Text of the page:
The NHL will be taking its show on the road as the venue for its lockout shifts to the court system following the league's filing of two separate lawsuits in response to potential NHLPA decertification.
Send in the lawyers.
In a press release today, the NHL announced the filing of a class action lawsuit in a New York federal court seeking a formal declaration confirming the legality of the league's ongoing lockout of its players. In an equally hilarious move, the league that institutes unilateral lockouts, a salary cap, an amateur draft and free agency restrictions filed an unfair labor practices charge against the NHLPA with the United States' National Labor Relations Board, claiming the NHLPA is negotiating in "bad faith." Here's the full text of the release:
Today, in response to information indicating that NHL Players have or will be asked to vote to authorize the National Hockey League Players' Association's Executive Board to proceed to "disclaim interest" in continuing to represent the Players in collective bargaining, the National Hockey League filed a Class Action Complaint in Federal Court in New York seeking a Declaration confirming the ongoing legality of the lockout.
Simultaneously with the filing of its Complaint, the NHL also filed an Unfair Labor Practice Charge with the National Labor Relations Board alleging that by threatening to "disclaim interest," the NHLPA has engaged in an unlawful subversion of the collective bargaining process and conduct that constitutes bad faith bargaining under the National Labor Relations Act.
Why is this happening right now? Well apart from the obvious advantage of issuing the press release late on a Friday while a pall is being cast by a much larger news story, the NHL is responding to rumors that have been swirling regarding an impending vote by PA membership on decertification. As we discussed last week, if the NHLPA decertifies (or "disclaims interest"), players would have the right to file antitrust lawsuits against the league that could lead to nearly $2.7 billion in damages and/or a lockout-ending injunction.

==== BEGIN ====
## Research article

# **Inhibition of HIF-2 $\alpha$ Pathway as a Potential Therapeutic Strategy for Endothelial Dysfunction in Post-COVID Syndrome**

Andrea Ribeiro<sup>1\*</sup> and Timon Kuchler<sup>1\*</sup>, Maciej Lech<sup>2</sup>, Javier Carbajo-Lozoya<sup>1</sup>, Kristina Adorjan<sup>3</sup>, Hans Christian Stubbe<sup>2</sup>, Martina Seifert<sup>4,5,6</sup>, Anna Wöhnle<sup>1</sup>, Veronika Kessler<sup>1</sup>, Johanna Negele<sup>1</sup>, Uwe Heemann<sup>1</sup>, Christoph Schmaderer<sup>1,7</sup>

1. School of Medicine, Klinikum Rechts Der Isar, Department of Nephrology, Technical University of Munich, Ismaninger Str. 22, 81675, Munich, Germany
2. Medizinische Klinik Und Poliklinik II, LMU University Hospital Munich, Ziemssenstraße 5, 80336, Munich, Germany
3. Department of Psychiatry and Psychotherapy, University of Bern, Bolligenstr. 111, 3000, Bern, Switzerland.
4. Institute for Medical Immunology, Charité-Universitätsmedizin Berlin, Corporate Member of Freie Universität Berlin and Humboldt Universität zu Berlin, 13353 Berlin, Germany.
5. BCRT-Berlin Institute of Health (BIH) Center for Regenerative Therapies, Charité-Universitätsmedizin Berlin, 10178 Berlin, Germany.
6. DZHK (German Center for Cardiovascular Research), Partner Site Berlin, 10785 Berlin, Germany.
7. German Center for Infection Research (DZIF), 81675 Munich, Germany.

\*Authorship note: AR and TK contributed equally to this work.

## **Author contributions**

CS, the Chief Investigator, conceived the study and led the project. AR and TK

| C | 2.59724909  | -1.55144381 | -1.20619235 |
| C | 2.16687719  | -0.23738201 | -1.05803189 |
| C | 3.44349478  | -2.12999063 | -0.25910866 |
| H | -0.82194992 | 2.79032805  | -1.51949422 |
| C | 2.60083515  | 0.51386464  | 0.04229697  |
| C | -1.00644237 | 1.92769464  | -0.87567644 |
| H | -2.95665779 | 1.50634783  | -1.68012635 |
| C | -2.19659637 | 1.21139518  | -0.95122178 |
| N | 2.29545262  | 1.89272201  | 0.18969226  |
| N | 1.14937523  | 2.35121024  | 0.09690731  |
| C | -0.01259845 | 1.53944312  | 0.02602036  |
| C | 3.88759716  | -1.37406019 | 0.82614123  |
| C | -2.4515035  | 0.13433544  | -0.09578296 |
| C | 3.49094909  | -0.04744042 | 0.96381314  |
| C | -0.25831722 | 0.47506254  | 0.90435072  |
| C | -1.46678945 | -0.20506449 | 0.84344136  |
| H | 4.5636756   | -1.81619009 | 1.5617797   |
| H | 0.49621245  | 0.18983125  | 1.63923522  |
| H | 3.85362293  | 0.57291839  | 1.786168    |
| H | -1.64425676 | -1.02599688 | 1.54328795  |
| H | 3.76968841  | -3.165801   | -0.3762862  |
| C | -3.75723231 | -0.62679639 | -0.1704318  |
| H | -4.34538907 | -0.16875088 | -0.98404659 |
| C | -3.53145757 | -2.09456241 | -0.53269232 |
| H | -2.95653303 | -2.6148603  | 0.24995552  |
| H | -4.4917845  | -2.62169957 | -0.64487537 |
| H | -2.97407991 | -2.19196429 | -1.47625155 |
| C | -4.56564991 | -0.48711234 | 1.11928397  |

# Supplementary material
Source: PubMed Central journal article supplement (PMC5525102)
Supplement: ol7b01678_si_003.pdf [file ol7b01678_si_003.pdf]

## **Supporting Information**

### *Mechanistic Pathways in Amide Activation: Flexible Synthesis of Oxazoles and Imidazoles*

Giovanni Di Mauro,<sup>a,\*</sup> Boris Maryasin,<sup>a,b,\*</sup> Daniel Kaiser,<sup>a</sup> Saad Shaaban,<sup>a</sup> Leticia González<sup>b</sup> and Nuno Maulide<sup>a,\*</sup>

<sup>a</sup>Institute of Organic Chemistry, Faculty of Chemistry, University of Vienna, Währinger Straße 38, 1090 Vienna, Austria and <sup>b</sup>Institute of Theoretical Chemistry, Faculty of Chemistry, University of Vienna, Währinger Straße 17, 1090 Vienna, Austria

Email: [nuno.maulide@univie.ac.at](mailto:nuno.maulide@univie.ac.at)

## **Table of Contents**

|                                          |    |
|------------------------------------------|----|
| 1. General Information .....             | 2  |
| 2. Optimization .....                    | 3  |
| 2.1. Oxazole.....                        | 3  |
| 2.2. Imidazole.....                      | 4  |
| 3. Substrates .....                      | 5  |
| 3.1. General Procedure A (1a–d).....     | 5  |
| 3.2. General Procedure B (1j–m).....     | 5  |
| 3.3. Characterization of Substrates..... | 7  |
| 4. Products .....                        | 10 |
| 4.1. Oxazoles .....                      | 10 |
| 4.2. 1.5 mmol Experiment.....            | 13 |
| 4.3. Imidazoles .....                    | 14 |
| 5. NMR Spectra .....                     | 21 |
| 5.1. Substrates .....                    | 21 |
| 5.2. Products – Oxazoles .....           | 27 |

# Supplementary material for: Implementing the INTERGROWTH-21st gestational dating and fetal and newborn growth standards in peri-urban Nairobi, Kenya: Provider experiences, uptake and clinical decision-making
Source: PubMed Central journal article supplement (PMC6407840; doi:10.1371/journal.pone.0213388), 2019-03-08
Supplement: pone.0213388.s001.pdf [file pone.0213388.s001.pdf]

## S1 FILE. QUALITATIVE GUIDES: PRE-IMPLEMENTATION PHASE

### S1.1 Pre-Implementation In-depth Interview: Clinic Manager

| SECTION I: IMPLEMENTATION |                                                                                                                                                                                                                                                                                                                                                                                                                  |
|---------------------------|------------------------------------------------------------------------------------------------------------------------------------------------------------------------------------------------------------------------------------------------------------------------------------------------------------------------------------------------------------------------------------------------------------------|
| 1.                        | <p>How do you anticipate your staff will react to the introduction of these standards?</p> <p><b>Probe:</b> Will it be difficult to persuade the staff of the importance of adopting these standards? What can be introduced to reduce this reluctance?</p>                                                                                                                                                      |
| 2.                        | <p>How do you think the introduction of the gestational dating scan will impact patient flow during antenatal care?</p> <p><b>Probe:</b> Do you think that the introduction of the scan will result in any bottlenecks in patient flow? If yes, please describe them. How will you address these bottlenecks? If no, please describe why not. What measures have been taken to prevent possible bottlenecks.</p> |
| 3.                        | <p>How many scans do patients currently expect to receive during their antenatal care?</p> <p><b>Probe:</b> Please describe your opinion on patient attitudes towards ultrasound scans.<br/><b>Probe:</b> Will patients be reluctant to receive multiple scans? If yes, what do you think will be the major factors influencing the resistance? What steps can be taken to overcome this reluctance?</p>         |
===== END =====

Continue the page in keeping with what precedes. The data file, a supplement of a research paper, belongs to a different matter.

The move is a clever preemptive strike by the NHL, particularly because it allows litigation to play out in a New York court, which sports labor law experts believe will be more sympathetic to the league's interests. This process is also interesting because it exposes the absurdity of the relationship between the NHL and PA. While many try to draw analogies between the NHLPA and other public or private sector unions, it's just not a comparison that makes a lot of sense. Even aside from the NHLPA being comprised by millionaires while most unions are not, businesses in other industries would salivate at the thought of their employees' union dissolving. The cartel-like NHL (as well as the three other major North American sports leagues), on the other hand, needs the PA to be intact in order to legally justify the myriad restrictions it places on player movement and salary.
Ultimately, though, all that matters is whether this leads to NHL hockey returning any sooner. If last year's NBA lockout, perpetrated by the same law firm that represents the NHL, is any indication, it will. The NBA filed nearly identical litigation when it discovered the NBPA was considering decertification in November 2011, even threatening in the corresponding press release that the 2011-12 season was in "jeopardy." Eleven days later, an agreement was reached and the season was saved.
Here's hoping for a similar outcome to the NHL lockout.
UPDATE: If you have nothing better to do with your Friday night, you can read all 43 pages of the NHL's lawsuit here. Sharks defenseman Douglas Murray and former Sharks Dominic Moore, Daniel Winnik, and Manny Malhotra are among the 36 players mentioned by name as defendants.